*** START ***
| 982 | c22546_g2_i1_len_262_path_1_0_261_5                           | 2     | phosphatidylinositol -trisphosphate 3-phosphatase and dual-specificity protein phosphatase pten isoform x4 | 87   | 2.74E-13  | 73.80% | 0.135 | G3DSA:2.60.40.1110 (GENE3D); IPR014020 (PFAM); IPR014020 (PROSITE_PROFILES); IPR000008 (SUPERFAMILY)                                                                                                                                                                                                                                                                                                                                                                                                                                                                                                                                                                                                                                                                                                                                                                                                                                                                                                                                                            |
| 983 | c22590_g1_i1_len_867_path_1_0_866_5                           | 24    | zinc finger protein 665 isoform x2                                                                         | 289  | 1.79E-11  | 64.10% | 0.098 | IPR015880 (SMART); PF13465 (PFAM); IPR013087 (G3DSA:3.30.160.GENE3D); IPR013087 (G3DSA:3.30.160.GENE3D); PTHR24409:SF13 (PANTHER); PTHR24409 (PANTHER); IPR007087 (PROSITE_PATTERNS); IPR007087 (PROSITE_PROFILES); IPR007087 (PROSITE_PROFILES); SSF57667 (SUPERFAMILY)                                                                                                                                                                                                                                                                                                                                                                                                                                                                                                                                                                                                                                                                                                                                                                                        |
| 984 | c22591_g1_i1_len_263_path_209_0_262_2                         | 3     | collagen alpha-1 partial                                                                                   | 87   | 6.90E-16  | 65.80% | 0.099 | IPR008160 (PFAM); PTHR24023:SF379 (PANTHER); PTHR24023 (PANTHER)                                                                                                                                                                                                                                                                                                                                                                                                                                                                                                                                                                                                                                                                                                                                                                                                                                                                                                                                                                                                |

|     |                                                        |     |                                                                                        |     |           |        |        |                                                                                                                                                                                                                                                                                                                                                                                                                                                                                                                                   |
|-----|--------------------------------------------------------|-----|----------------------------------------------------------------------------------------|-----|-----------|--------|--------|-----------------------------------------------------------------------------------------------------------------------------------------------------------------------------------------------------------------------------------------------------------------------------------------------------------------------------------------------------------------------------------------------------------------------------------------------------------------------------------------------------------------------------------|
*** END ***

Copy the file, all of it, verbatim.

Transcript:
| 982 | c22546_g2_i1_len_262_path_1_0_261_5                           | 2     | phosphatidylinositol -trisphosphate 3-phosphatase and dual-specificity protein phosphatase pten isoform x4 | 87   | 2.74E-13  | 73.80% | 0.135 | G3DSA:2.60.40.1110 (GENE3D); IPR014020 (PFAM); IPR014020 (PROSITE_PROFILES); IPR000008 (SUPERFAMILY)                                                                                                                                                                                                                                                                                                                                                                                                                                                                                                                                                                                                                                                                                                                                                                                                                                                                                                                                                            |
| 983 | c22590_g1_i1_len_867_path_1_0_866_5                           | 24    | zinc finger protein 665 isoform x2                                                                         | 289  | 1.79E-11  | 64.10% | 0.098 | IPR015880 (SMART); PF13465 (PFAM); IPR013087 (G3DSA:3.30.160.GENE3D); IPR013087 (G3DSA:3.30.160.GENE3D); PTHR24409:SF13 (PANTHER); PTHR24409 (PANTHER); IPR007087 (PROSITE_PATTERNS); IPR007087 (PROSITE_PROFILES); IPR007087 (PROSITE_PROFILES); SSF57667 (SUPERFAMILY)                                                                                                                                                                                                                                                                                                                                                                                                                                                                                                                                                                                                                                                                                                                                                                                        |
| 984 | c22591_g1_i1_len_263_path_209_0_262_2                         | 3     | collagen alpha-1 partial                                                                                   | 87   | 6.90E-16  | 65.80% | 0.099 | IPR008160 (PFAM); PTHR24023:SF379 (PANTHER); PTHR24023 (PANTHER)                                                                                                                                                                                                                                                                                                                                                                                                                                                                                                                                                                                                                                                                                                                                                                                                                                                                                                                                                                                                |

|     |                                                        |     |                                                                                        |     |           |        |        |                                                                                                                                                                                                                                                                                                                                                                                                                                                                                                                                   |
|-----|--------------------------------------------------------|-----|----------------------------------------------------------------------------------------|-----|-----------|--------|--------|-----------------------------------------------------------------------------------------------------------------------------------------------------------------------------------------------------------------------------------------------------------------------------------------------------------------------------------------------------------------------------------------------------------------------------------------------------------------------------------------------------------------------------------|